Gordon’s stages differ from Park’s, a group may assimilate completely without
   going through all stages, and they do not have a specific order
Both Park and Gordon agree that assimilation is inevitable.
   Horace Kallen’s Cultural Pluralism
Allows for those whose appearances are clearly not Anglo to
still be considered as completely assimilated.

• Members of minority groups should be accepted as
  completely Americanized and assimilated without being
  required to disappear as distinctive groups.
• Majority’s culture is added to the minority’s culture
  rather than substituted for the minority’s culture.
    Melting Pot vs. Salad Bowl

                                 Cultural Pluralism

Which do you feel is better for the United States?
  Where are most legal immigrants from?

                                              Top 10 in 2010
Source: U.S.
Department                      Dominican Republic
of Homeland
  What parts of the U.S. do most immigrants settle in? And why?

                                        Illinois   New York

                                                              New Jersey

 Push and Pull factors of Immigration into the U.S.

Push factors               Pull factors

poverty                    perception of endless
                           religious freedom
military draft
                           economic freedom
religious or political
Immigrant does not = illegal immigrant

Illegal immigrants also called undocumented workers/

Remember immigrant does not =Latino/a

“Latino/a” or country of origin is preferred over “Hispanic”
                  ILLEGAL IMMIGRATION

Views for                       Views against
deportation of illegal          deportation of illegal
immigrants                      immigrants
              Pros and Cons of the Solutions

(1) More border control.                Discuss in groups
(2) Prevent employers from hiring             Be Respectful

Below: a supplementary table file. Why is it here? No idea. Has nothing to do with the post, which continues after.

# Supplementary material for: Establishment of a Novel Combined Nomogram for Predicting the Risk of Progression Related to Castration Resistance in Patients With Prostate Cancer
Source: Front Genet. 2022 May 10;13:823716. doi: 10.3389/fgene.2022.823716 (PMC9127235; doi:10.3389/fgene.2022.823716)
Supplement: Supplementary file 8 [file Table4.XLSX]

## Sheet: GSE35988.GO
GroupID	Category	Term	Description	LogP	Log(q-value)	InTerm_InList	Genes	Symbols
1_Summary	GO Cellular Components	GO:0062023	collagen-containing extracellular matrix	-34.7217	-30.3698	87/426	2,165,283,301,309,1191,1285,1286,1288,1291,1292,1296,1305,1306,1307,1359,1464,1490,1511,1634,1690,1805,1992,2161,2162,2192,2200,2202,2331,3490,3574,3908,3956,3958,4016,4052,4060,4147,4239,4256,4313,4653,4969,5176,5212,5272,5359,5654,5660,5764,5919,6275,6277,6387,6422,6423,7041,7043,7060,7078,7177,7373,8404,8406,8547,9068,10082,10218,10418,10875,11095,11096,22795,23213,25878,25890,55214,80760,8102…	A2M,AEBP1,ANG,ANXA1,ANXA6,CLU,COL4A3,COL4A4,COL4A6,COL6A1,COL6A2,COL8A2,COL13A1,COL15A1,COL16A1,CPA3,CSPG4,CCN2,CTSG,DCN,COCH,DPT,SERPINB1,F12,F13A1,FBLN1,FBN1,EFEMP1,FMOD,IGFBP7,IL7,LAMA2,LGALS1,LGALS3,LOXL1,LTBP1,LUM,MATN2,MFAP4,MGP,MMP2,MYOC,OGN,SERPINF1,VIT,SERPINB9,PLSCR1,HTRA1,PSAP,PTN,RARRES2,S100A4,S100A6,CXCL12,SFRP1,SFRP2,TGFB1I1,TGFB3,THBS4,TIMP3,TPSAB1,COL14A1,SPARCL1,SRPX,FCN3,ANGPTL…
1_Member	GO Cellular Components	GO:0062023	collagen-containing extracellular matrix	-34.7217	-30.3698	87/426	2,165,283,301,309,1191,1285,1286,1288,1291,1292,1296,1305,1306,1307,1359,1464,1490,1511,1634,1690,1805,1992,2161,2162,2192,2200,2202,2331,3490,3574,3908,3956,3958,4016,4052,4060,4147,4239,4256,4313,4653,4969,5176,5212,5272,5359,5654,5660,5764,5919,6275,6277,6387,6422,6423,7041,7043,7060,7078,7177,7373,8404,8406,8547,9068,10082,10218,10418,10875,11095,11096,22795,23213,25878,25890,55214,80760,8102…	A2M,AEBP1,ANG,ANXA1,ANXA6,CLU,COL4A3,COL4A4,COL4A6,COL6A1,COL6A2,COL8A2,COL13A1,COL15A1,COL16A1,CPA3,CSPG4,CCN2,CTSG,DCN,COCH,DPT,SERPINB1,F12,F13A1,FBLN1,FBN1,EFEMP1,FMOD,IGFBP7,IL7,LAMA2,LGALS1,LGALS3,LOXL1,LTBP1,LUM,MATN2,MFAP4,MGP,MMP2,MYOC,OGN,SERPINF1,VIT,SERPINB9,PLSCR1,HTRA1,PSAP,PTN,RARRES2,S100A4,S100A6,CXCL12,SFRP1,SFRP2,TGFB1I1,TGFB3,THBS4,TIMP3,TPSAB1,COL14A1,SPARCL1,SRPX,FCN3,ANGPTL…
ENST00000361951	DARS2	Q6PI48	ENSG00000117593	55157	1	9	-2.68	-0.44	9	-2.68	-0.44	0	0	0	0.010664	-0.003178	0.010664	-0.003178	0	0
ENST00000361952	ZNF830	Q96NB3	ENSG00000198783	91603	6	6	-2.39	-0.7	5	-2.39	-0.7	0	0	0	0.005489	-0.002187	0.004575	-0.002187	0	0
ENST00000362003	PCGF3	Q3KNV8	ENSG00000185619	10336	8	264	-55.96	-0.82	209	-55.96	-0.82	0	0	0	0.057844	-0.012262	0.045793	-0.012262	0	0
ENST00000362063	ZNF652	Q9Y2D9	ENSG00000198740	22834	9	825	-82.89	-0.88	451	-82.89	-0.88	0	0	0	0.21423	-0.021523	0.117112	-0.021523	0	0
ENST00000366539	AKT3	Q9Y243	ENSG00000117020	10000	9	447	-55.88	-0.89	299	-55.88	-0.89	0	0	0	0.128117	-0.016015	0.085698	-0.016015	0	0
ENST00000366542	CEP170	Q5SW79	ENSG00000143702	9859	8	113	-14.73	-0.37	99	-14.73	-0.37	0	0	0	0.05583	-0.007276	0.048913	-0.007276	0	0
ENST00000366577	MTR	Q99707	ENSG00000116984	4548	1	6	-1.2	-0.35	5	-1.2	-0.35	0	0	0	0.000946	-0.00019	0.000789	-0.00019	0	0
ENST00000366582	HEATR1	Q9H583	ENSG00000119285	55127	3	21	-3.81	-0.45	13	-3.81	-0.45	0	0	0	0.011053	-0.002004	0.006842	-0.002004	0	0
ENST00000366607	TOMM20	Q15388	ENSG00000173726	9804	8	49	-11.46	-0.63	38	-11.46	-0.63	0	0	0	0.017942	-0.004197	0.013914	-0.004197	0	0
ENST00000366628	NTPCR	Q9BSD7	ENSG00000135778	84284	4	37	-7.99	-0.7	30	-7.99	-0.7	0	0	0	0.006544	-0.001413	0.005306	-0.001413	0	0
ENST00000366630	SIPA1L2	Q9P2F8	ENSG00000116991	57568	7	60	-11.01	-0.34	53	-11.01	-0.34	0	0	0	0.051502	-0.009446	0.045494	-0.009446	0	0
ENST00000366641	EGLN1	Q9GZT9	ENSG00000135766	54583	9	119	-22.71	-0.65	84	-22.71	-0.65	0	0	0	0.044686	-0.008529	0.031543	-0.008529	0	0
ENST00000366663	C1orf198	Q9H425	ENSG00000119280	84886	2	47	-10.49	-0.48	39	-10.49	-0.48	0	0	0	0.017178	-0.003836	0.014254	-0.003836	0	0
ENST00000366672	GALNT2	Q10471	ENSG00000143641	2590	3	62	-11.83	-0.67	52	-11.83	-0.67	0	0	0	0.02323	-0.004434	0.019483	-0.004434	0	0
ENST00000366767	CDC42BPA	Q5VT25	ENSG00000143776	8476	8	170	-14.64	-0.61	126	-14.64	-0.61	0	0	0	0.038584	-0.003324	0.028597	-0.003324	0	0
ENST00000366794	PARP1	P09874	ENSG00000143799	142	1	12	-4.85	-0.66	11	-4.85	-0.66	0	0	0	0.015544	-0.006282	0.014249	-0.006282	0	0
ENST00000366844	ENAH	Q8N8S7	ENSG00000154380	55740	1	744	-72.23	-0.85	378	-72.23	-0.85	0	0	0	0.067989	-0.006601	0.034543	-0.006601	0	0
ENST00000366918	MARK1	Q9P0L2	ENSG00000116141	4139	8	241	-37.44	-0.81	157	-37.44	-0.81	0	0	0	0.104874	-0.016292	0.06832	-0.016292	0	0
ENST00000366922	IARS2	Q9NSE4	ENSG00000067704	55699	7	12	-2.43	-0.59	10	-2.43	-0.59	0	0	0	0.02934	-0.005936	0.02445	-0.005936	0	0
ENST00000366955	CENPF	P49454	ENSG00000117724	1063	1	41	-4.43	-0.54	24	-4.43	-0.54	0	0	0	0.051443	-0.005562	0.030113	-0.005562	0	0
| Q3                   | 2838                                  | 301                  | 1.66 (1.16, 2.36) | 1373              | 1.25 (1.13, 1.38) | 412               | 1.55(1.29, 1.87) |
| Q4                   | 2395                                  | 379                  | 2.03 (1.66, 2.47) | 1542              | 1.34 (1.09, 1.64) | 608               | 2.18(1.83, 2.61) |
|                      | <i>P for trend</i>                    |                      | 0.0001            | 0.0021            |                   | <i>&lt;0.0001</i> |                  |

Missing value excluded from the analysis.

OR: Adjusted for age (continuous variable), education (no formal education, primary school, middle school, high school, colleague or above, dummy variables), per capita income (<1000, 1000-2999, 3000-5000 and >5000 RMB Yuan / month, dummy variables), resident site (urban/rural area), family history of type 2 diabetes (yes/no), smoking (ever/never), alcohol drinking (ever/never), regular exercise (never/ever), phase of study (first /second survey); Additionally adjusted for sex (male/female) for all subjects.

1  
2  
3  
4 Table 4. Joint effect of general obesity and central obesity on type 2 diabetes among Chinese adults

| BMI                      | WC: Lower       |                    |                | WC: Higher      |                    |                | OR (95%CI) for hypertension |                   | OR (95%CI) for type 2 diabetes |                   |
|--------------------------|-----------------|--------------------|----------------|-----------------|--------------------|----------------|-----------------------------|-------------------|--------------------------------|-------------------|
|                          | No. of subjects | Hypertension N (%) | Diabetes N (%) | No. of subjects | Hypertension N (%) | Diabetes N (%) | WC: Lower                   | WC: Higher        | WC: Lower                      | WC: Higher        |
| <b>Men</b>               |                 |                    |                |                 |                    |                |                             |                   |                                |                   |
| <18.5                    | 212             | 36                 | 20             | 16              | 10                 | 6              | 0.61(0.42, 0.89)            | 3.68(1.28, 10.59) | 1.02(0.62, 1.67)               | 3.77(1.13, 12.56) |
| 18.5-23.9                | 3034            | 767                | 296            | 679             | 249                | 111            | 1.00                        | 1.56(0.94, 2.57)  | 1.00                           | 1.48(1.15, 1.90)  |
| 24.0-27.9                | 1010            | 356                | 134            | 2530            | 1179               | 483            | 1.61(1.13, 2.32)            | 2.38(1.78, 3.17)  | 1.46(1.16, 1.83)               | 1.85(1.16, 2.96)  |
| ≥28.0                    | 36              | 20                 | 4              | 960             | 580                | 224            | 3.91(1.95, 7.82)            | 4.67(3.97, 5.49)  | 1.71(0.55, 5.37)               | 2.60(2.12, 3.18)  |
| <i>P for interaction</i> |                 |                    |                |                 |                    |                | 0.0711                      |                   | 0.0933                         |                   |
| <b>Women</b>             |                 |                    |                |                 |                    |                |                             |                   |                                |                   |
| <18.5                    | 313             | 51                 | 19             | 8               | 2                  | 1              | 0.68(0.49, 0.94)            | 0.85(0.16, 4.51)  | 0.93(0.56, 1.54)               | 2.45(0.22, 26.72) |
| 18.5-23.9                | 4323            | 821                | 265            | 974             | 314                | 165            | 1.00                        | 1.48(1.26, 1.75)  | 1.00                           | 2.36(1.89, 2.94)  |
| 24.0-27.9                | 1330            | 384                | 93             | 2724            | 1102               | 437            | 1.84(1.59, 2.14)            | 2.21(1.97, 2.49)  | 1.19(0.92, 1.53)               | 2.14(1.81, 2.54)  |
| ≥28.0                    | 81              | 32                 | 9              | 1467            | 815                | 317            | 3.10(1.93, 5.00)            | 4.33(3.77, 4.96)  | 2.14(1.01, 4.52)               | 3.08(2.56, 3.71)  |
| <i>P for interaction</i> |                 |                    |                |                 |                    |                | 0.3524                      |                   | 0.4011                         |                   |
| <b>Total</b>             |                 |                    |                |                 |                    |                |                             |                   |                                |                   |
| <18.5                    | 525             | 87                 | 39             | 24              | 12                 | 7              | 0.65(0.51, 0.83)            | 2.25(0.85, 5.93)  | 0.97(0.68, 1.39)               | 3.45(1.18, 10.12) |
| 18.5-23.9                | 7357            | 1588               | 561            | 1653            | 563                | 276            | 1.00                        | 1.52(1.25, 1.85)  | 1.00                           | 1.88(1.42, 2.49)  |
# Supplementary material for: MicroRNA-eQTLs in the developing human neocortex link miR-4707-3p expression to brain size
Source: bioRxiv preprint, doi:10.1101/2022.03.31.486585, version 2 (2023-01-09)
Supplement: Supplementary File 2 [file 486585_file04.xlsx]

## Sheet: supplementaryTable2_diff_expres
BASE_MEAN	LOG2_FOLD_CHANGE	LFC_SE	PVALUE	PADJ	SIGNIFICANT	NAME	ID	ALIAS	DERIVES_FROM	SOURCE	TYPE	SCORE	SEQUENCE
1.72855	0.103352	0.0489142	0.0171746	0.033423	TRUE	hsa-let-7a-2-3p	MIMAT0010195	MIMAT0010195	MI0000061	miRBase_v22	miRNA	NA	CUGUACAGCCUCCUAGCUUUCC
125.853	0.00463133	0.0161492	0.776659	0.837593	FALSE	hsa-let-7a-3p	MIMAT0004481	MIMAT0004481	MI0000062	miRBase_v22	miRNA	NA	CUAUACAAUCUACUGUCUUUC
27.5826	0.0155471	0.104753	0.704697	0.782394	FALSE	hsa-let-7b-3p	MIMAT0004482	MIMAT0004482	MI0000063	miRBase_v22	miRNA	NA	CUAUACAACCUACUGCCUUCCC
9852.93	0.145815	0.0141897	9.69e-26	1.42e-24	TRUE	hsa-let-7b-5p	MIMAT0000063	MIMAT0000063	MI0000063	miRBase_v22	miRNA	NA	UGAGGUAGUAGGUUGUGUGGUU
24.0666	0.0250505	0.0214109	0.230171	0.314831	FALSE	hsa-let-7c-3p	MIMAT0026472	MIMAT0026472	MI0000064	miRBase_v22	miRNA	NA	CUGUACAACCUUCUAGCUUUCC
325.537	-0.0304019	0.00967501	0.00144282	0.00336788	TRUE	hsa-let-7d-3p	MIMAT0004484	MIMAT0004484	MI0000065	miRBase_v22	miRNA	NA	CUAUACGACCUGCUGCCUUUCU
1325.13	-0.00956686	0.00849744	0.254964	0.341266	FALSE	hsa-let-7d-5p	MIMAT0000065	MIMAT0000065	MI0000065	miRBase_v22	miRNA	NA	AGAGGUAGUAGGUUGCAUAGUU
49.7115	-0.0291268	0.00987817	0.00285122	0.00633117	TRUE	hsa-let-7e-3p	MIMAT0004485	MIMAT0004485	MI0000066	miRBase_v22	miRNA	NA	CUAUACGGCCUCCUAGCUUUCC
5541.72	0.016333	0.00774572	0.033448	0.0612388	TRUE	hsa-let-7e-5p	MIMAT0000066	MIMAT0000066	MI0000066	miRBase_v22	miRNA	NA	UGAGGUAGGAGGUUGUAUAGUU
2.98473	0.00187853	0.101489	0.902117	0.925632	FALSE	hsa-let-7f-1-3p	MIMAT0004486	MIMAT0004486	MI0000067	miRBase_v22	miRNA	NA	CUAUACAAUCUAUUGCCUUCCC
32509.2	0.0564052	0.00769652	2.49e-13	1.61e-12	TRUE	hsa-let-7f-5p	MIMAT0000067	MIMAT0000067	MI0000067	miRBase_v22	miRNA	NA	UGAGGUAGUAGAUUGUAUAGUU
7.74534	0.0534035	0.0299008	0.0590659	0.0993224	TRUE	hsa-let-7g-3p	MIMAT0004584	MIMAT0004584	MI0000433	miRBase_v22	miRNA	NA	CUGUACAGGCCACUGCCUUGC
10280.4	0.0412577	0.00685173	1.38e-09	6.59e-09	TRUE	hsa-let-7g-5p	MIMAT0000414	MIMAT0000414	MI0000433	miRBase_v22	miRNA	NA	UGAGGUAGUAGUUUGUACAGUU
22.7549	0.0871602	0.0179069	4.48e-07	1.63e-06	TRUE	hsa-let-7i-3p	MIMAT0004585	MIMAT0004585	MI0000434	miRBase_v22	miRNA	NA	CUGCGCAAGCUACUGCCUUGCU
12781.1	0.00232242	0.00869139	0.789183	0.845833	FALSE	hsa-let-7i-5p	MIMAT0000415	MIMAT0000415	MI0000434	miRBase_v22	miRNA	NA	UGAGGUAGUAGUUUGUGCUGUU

undocumented immigrants.               Allow others to finish
(3) Withhold government services             their comments
   from unauthorized immigrants.        a)Which do you think is
(4) Grant workers a path to gain        best? Why?
   citizenship or work permits.         b)Which do you think is
(5) Give police the authority and       worst? Why?
   responsibility to identify illegal
                                        c) Can you think of
   immigrants (Arizona SB 1070)
                                        other pros or cons to
                                        any of the solutions?
Asylum may be granted due to
   Fear of return to country of nationality based on
   persecution related to:
   • race
   • religion
   • political opinion
   • membership in a particular social group

  Must show:
• been here for more than 10 years
• Have an otherwise clean criminal record
• A relative who is a U.S. citizen would suffer
  exceptional and unusual hardship if deported
      Which of these do you think best explains
             treatment of immigrants?
1) Cultural Transmission: focuses on how prejudice is transmitted
   through culture from generation to generation through family
   and/or media.
2) Group Identification Theory: focuses on how prejudices are tied
   in with an individual’s racial and ethnic group membership.
3) Personality theories: assert that those with high levels of
   frustration or authoritarian personalities have higher tendencies
   of holding prejudice beliefs.
4) Frustration-aggression hypothesis: ethnic prejudices develop in
   response to people’s need to cope with the frustration in their
   daily lives.
Due next week
Bring in a media image from a magazine (non-
pornographic) that you feel relates to issues of
gender or age.
•Think of an open-ended question to ask the
class about the picture.
                                                       How do sexualized
•Type up the question. 4 points                        dolls like the Bratz
•You must be in class to earn full points          influence young girls?

          Why do you
          think Dove
          created this
                   Coming Up
Read Ch 9 Gender
        Timeline of significant U.S. Immigration Laws

Texas Proviso 1952: makes harboring an illegal entrant a felony, but
does not punish those who employ them.
Immigration Act of 1965: abolished the national origins quota
 Immigration Reform and Control Act of 1986: made it illegal for
employers to knowingly hire illegal immigrants.
Illegal Immigration Reform and Immigrant Responsibility Act of 1996:
authorized more Border Patrol agents and a triple fence along the San
Diego border,
USA Patriot Act of 2001: put immigration under the control of the
newly created Department of Homeland Security (Kimer, 2005)
Real ID Act May 2005: prohibits undocumented immigrants from
holding a driver’s licenses
Bill 4427 December 2005: Made remaining in the U.S. as an
undocumented immigrant a federal felony (
      Source: NACLA Report on the Americas; Jul/Aug2005, Vol. 39 Issue 1, p34-35, 2p
Source: U.S. Department of Homeland Security